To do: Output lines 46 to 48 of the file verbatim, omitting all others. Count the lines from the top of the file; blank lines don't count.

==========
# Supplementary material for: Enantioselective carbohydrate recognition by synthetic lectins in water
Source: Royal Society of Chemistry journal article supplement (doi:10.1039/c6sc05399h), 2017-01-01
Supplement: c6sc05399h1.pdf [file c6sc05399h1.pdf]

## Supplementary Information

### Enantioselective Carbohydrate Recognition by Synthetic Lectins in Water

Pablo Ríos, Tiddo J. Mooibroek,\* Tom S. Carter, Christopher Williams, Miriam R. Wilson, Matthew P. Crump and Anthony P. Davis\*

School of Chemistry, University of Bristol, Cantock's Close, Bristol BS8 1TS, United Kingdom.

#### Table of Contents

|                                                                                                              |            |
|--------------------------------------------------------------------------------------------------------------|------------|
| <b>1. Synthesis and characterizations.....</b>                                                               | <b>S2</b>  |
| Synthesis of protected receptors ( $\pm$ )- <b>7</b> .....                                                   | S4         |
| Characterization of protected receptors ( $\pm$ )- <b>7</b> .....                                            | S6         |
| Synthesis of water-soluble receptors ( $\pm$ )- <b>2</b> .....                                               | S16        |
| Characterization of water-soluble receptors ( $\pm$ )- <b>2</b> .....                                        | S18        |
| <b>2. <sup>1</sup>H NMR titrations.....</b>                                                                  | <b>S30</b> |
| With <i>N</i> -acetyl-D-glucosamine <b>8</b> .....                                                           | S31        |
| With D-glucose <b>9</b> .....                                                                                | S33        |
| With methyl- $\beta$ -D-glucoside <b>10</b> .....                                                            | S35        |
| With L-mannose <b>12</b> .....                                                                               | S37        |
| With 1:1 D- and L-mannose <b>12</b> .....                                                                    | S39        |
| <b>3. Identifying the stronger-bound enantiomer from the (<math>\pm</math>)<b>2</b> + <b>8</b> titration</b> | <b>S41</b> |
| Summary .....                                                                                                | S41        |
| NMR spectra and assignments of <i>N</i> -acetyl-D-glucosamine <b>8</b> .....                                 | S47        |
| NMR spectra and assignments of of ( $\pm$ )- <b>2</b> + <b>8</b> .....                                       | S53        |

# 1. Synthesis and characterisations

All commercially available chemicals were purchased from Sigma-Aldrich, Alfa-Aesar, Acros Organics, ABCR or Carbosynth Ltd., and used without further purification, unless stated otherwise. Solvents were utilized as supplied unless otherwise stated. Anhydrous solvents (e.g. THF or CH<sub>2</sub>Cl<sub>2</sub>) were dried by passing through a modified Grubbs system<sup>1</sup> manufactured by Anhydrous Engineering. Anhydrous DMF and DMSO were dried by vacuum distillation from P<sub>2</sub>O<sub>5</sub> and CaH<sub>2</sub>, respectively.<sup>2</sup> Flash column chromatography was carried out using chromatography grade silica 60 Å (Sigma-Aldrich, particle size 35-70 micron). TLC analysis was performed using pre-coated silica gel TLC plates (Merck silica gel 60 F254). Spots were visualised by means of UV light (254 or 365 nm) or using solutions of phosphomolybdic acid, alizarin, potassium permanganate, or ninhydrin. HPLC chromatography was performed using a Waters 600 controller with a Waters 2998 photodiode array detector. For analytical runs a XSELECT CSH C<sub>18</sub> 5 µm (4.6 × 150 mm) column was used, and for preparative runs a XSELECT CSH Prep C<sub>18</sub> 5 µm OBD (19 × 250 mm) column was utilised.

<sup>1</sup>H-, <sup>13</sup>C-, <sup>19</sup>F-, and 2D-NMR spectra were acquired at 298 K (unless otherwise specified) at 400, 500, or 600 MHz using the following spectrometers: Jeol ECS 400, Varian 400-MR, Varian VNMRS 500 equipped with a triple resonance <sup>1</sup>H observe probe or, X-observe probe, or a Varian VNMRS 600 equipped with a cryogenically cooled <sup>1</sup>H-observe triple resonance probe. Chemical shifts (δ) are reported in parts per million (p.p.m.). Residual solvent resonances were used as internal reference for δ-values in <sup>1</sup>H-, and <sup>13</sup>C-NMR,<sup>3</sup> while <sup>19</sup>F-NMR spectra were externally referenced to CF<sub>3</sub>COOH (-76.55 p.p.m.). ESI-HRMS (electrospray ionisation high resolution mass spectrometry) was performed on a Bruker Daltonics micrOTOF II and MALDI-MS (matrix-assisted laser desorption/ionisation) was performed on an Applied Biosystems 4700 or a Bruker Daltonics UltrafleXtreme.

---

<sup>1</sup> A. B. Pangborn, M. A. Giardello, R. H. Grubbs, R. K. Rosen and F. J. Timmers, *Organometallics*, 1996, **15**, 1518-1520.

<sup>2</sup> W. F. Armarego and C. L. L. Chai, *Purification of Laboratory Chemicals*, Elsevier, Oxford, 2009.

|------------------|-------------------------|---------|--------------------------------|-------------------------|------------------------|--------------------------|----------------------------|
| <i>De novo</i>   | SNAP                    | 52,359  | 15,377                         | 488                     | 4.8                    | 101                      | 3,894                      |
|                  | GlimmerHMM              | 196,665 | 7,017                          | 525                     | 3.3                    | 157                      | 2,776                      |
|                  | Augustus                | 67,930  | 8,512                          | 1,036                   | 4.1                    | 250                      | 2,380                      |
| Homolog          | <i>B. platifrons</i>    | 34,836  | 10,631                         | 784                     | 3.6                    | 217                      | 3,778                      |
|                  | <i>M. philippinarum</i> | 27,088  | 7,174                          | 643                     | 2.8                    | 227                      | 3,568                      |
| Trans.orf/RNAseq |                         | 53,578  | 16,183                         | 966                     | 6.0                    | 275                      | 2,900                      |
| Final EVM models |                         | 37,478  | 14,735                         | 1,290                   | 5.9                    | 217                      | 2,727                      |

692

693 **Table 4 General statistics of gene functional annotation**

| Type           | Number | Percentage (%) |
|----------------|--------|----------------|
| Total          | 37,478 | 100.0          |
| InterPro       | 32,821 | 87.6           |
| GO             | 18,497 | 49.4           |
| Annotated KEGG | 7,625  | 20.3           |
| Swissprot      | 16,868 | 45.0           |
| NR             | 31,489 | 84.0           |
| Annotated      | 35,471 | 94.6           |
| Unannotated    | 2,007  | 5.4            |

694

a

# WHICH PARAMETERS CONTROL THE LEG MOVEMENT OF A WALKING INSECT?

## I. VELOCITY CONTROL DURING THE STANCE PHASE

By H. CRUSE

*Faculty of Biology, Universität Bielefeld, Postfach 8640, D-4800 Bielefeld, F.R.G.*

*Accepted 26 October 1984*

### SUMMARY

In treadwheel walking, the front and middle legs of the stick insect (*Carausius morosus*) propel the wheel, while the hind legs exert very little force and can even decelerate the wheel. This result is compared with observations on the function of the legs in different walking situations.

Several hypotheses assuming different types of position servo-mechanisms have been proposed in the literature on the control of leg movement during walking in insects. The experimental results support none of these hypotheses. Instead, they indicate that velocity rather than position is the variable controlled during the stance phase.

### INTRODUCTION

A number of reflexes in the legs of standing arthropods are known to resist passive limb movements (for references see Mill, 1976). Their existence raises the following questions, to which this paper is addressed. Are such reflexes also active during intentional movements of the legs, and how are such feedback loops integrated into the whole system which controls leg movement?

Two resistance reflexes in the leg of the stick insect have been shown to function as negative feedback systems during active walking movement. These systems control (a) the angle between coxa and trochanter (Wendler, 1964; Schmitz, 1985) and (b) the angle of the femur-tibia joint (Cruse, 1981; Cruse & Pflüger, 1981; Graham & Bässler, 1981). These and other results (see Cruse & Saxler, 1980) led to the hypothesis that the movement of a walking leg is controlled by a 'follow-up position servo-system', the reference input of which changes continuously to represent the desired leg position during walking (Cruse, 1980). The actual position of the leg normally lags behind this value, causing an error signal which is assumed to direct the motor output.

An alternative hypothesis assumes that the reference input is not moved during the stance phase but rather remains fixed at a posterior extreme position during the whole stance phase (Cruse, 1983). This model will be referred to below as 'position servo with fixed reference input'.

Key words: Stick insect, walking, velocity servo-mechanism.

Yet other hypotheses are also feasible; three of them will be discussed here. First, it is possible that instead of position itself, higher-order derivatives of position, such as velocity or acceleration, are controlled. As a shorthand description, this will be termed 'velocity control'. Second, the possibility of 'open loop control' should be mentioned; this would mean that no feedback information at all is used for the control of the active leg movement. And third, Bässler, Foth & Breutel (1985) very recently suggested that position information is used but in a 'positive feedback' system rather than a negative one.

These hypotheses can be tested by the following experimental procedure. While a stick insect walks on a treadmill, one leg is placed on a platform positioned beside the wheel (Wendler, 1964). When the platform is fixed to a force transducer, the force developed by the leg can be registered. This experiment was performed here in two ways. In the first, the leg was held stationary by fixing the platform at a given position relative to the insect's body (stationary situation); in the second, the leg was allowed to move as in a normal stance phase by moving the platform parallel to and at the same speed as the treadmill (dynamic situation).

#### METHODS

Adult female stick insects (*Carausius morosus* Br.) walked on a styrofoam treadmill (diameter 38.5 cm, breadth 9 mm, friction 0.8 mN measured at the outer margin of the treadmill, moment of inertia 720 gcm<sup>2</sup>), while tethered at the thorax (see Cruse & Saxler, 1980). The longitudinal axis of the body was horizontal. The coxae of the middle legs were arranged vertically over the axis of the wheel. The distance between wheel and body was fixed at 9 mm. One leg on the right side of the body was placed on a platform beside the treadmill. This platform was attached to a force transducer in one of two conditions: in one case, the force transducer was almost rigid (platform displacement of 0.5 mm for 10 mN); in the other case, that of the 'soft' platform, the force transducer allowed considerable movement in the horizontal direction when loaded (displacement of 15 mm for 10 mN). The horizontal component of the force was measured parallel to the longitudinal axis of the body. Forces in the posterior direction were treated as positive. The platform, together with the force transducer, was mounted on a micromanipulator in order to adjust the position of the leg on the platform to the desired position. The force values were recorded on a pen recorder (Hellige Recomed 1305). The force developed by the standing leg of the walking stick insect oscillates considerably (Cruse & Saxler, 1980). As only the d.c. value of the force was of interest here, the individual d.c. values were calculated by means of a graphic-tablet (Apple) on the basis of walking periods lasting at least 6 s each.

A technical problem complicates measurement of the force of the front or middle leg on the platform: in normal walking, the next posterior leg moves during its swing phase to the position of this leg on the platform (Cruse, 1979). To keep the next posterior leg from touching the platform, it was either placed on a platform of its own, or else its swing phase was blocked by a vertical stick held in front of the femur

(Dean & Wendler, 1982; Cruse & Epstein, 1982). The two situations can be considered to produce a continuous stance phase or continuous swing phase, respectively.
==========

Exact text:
| GO             | 18,497 | 49.4           |
| Annotated KEGG | 7,625  | 20.3           |
| Swissprot      | 16,868 | 45.0           |